First and foremost: we have had very good experience with our unambiguous and very clear orientation as being part of the left. LabourNet as a site of the struggle of the Liverpool dockers was not very well known here. We had no real international reputation to build on. We started more or less from scratch.
Our recognition among union activists speaks for itself. We went out and earned it - and it was hard work. We can see from our mailing list - currently 150 strong and growing daily - that most of the members have had nothing to do with our network to date.
Furthermore, we are being more often invited to congresses and to give lectures in our capacity as LabourNet Germany.
Secondly, a rank-and-file site is best run by people involved in the struggle. Our contacts and our day-to-day work in the movement opens up far more doors than can be imagined.
If you want a site to be read and your work to be respected, the site has to be updated daily. In our case we now have enough work to keep both of us busy full-time. Currently we finish the job for which we get paid for and then, in a second shift, we do the work for which no one pays a penny.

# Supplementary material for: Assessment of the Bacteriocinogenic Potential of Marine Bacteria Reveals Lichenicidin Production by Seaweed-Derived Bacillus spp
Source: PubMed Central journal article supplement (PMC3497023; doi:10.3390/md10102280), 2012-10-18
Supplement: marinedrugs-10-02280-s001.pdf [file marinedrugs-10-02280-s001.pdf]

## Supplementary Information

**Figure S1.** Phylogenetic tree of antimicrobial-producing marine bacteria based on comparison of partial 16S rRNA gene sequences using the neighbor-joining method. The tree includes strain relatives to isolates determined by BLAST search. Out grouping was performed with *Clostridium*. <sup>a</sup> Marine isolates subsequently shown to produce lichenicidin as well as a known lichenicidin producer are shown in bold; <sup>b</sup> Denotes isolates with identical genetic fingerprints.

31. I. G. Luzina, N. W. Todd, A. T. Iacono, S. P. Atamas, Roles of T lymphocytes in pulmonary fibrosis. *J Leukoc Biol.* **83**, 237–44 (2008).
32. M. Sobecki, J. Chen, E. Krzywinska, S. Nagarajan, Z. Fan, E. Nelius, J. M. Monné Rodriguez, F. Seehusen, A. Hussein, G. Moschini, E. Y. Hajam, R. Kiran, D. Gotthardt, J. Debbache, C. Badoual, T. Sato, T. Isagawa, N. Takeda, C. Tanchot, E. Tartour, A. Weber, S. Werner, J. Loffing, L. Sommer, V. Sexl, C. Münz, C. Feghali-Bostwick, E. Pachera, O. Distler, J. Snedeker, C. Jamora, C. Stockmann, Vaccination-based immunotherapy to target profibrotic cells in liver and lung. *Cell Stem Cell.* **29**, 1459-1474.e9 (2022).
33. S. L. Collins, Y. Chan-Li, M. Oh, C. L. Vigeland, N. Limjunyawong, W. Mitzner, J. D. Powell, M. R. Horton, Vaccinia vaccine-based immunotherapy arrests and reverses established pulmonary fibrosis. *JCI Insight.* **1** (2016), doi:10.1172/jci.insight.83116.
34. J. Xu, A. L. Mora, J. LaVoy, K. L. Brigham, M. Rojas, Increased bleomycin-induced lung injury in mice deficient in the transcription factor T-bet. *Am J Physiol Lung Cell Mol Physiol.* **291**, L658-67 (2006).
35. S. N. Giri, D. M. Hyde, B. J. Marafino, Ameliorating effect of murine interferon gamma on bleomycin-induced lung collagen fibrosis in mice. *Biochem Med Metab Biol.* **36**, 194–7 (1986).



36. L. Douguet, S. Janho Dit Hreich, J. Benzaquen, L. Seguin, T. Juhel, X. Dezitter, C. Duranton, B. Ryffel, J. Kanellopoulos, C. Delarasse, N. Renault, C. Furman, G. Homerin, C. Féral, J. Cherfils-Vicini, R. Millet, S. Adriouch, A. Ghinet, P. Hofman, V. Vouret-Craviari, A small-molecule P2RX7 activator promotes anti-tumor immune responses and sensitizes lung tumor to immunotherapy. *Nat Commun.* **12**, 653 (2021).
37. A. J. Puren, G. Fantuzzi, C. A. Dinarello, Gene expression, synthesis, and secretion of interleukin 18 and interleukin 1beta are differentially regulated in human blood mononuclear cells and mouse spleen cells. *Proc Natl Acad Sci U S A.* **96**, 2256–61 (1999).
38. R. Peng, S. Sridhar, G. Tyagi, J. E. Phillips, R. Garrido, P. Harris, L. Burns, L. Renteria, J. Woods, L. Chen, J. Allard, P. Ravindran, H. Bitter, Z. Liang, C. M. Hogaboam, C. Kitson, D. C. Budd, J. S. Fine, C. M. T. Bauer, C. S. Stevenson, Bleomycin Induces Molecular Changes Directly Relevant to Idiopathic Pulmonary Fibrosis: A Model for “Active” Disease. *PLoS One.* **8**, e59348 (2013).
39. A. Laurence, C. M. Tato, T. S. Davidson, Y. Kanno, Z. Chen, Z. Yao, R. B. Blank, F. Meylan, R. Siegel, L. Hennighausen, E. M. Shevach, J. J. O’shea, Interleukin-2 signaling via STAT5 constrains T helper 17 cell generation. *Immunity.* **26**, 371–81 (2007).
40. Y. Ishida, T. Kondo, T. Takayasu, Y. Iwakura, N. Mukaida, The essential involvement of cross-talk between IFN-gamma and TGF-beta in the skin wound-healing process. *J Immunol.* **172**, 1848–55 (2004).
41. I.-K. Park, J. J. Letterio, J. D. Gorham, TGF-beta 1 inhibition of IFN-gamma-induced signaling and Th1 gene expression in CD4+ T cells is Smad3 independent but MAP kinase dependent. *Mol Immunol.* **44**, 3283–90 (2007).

In our opinion, it is going to be a long haul to a "Global LabourNet".
The first step needed is a coordination of material. Who is doing what and who has material and needs material? It would help the work a lot if we knew what each other was up to. In the case of LabourNet UK and LabourNet Germany we are members of each others mailing lists. We are, of course, assuming that when such a list (or lists) are available that they are also used every time the site is updated!
Secondly, we need a Global LabourNet site that can be accessed by all LabourNets with no restrictions. After the experience with the "LabourNet International" site we do not want that any one person can pull the plug because they think he/she is the "keeper of the faith".
Thirdly, any decisions have to be taken democratically. In the case of a Global LabourNet site, the initial decisions would have to be on how the site should be structured. Otherwise there should be no restrictions on the material. No one LabourNet and no one person knows all the answers to the problems we are facing in the world of neo-liberalism. We need a clash of ideas and an exchange of experiences regardless of how banal or wrong they may seem to other participants in such a project.
Fourthly, we all will have to recognise that such a project will have to grow and develop. With the passage of time it may change radically.
Finally, we need the necessary resources to run such a site. A provider, a maintainer for the site and the money to pay it all. A very touchy subject!
Dave Hollis, Nürnberg, Germany. firstname.lastname@example.org
Mag Wompel, Bochum, Germany. email@example.com